Satin Island: entering the network

Becky’s comment on my post from yesterday on the UK covers of C and Satin Island has made me realise that the ‘featured image’ I set for the top of each post doesn’t appear to email subscribers (or, presumably, in RSS readers). So the chances are that, unless you visited the site, you wouldn’t have seen what I was comparing. Here they are:

C Satin Island

Next time I blog about book covers, I’ll remember to put them in the body of the post! Anyway, this post is about beginning to read Satin Island, so…

Tom McCarthy’s protagonist, U., is a ‘corporate anthropologist’, working for an unspecified company, analysing the threads of contemporary culture in order to produce the Great Report that will tie them all together to tell “the First and Last Word on our age.” Images of networks and their implied underlying patterns abound, from the pipes of the Company’s ventilation system to a parade of rollerbladers in Paris. Each paragraph of the novel is numbered like a business report, perhaps encouraging the reader to think that this text, this book, might be the Great Report itself. And McCarthy’s long, tumbling sentences create the feeling of being drawn into a web:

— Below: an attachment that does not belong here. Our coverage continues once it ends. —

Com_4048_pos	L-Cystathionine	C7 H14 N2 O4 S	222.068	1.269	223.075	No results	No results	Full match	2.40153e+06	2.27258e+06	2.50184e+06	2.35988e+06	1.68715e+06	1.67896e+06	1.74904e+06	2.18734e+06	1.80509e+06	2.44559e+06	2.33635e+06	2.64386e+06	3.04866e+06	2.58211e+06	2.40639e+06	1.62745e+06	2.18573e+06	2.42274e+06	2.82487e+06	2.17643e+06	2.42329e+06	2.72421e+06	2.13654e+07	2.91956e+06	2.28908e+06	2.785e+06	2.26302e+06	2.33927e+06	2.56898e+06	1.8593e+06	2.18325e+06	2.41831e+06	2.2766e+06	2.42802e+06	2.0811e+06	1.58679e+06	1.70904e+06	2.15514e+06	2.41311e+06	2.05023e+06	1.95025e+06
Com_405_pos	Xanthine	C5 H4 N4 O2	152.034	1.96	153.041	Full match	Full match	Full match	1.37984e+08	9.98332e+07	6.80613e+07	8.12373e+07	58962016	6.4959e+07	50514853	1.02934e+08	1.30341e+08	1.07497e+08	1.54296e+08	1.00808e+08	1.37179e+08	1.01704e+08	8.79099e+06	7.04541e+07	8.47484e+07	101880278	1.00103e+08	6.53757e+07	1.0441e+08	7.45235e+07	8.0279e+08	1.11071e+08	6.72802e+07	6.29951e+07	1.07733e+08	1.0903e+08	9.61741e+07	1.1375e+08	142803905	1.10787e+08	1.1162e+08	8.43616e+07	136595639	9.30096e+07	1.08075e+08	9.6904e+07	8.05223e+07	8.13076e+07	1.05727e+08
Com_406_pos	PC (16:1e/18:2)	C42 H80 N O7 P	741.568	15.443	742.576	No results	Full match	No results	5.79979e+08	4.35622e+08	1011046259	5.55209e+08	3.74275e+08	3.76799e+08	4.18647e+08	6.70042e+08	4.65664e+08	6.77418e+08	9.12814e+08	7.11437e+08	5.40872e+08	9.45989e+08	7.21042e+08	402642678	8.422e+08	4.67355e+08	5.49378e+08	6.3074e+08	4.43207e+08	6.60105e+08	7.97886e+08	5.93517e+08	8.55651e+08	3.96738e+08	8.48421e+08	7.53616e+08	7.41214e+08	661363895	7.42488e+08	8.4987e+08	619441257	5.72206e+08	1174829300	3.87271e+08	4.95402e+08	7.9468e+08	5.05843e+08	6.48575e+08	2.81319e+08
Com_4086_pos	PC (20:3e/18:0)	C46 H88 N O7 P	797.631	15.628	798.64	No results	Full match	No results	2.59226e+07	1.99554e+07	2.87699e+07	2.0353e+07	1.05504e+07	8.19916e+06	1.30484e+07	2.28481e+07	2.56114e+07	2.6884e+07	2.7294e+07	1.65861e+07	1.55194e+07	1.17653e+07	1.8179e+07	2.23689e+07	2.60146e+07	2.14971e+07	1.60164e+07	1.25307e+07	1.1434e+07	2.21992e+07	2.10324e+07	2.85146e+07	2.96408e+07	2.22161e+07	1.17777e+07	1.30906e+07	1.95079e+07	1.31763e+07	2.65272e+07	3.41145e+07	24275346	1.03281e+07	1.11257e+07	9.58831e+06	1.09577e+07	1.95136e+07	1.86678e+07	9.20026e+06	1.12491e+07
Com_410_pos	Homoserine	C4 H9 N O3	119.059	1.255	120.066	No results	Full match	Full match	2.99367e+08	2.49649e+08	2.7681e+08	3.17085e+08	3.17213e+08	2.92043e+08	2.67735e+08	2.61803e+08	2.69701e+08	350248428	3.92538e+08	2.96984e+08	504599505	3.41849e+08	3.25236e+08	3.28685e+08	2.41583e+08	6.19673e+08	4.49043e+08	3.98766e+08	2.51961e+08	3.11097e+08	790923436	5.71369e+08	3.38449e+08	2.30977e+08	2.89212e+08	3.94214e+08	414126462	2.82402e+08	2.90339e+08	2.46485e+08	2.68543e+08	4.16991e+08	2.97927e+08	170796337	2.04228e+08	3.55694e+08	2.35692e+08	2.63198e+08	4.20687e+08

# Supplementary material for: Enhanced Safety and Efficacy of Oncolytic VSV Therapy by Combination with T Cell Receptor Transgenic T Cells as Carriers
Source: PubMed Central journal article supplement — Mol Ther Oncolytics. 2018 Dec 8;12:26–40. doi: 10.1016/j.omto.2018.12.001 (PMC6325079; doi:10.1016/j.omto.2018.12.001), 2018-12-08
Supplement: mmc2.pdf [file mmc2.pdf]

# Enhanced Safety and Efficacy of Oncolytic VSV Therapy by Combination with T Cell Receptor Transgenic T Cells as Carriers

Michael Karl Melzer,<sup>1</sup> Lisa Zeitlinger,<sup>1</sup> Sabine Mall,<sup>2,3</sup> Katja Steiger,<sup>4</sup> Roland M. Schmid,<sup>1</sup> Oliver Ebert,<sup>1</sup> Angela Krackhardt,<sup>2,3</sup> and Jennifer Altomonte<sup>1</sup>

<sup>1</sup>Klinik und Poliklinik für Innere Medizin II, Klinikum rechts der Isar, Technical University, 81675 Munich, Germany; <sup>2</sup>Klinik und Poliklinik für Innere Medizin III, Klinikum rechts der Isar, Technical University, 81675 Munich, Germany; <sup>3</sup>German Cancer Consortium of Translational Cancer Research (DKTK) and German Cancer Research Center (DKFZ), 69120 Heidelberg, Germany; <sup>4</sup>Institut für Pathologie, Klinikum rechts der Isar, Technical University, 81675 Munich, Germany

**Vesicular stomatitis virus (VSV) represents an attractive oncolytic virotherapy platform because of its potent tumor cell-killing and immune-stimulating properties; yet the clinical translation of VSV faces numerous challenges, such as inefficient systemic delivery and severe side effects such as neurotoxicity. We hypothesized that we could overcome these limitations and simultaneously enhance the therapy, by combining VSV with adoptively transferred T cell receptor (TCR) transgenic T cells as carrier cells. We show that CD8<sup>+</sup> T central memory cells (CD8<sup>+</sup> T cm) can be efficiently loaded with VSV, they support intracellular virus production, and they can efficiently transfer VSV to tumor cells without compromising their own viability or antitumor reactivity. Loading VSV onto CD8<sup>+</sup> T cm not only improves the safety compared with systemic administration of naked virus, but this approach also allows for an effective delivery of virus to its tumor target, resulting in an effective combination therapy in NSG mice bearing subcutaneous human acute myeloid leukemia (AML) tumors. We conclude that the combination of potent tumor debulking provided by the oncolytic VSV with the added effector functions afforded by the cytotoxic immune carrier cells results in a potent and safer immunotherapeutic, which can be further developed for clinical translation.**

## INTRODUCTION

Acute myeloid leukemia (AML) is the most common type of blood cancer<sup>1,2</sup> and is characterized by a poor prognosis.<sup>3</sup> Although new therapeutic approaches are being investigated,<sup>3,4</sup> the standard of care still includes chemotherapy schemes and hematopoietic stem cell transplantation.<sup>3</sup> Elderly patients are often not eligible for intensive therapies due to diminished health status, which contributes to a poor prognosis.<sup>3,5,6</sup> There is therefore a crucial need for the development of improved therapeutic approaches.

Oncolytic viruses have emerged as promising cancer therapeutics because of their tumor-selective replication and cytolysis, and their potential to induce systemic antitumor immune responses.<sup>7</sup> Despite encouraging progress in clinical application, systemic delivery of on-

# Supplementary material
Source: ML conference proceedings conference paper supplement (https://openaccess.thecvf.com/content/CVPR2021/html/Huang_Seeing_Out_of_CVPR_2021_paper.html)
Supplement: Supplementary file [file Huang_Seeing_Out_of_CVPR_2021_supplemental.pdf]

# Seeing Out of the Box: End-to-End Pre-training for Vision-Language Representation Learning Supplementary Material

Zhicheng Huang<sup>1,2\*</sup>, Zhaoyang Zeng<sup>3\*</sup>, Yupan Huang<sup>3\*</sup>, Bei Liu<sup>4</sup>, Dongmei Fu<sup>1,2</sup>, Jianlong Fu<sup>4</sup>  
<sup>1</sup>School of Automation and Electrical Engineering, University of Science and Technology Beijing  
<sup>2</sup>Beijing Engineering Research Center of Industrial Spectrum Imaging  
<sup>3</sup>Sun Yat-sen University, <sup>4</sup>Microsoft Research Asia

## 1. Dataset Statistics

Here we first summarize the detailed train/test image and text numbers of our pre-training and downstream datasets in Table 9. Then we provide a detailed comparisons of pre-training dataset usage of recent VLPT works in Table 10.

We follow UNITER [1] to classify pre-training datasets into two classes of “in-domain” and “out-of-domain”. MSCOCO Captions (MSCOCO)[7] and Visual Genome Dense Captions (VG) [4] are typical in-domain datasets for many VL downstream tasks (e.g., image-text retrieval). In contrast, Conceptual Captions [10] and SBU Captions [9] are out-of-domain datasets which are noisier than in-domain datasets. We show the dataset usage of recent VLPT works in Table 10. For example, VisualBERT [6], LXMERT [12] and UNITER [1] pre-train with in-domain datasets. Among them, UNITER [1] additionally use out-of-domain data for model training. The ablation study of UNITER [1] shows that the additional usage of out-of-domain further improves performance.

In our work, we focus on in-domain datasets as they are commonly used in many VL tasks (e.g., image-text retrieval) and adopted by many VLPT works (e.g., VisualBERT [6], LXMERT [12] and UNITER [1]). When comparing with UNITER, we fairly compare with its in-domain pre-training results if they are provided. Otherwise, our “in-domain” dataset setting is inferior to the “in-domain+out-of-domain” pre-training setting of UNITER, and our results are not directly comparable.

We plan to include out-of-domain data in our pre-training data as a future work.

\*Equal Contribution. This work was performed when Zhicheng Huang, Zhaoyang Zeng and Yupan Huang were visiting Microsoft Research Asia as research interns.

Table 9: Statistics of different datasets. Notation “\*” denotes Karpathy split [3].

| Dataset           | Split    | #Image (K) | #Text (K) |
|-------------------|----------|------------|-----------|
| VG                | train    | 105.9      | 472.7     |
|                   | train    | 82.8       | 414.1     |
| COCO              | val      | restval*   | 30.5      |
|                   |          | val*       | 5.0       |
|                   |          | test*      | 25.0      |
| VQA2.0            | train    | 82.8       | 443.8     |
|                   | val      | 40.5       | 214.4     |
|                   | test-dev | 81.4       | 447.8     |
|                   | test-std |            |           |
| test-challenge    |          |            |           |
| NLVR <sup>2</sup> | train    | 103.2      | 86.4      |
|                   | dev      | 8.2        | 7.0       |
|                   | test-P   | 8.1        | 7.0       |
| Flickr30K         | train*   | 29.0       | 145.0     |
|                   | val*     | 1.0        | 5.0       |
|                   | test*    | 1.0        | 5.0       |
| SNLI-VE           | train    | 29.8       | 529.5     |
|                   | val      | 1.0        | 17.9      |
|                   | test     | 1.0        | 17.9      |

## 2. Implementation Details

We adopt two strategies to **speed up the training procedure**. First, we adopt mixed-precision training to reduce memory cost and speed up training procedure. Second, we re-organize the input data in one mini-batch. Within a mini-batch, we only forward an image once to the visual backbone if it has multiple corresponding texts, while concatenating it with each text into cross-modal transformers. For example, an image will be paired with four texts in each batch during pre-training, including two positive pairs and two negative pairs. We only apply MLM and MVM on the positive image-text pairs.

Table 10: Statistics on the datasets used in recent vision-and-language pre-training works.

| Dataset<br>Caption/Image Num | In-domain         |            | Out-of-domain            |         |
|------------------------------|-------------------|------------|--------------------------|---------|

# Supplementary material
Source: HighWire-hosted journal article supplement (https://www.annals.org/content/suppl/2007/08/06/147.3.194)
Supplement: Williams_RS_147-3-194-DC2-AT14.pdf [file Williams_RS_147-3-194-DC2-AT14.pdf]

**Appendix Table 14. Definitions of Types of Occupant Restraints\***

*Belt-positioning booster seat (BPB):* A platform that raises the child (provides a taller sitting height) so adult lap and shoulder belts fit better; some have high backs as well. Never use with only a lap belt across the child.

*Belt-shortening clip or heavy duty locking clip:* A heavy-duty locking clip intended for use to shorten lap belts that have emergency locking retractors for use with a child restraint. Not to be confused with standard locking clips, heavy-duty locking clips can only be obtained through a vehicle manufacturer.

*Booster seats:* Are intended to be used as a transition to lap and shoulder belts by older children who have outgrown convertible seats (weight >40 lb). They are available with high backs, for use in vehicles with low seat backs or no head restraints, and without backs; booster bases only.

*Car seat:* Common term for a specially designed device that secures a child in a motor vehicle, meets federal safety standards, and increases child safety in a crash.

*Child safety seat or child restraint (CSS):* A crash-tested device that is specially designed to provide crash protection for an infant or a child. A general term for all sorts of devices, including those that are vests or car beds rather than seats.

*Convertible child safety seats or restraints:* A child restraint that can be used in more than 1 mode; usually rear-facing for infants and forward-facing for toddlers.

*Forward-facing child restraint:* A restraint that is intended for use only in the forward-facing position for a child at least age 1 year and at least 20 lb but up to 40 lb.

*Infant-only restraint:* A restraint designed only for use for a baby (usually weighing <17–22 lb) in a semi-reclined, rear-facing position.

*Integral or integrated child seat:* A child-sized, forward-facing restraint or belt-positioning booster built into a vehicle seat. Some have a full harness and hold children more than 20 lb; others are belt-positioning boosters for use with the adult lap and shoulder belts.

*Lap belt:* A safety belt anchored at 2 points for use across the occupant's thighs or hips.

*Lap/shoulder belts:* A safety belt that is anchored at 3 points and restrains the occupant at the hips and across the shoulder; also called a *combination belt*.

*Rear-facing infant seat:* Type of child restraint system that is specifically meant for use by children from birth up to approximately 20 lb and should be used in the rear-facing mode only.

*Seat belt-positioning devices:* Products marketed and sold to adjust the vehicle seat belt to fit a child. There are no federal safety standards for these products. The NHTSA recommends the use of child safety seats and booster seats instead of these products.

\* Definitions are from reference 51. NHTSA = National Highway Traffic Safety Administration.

To a soundtrack, incongruous, of looped, recorded messages and chimes, a fruit-machine’s idle-tune, snatches of other people’s conversations and the staggered, intermittent hiss, quieter or louder, of steam-arms at espresso bars dotted about the terminal, a memory came to me: of free-wheeling down a hill as a child, riding my second bike.

But this is a Tom McCarthy novel, and the hints are already there from the beginning that the inner depths for which we may hope are just an illusion. In the first chapter, U. is waiting in the airport terminal, surrounded by screens – phones, computers, the rolling news channel which packages up bombing and oil spills alongside the sports highlights. It’s a whirlwind of a chapter that shows just how easily the most serious events can be turned into gleaming surface detail.

(More on that to follow…)

Book details (Foyles affiliate link)

Satin Island (2015) by Tom McCarthy, Jonathan Cape hardback


  1. That’s an odd way to write a novel and not easy to get I to at the beginning I suspect, until you get used to the style

  2. Look forward to hearing what you think about Satin Island. I’m a big fan of Tom McCarthy and loved Remainder.

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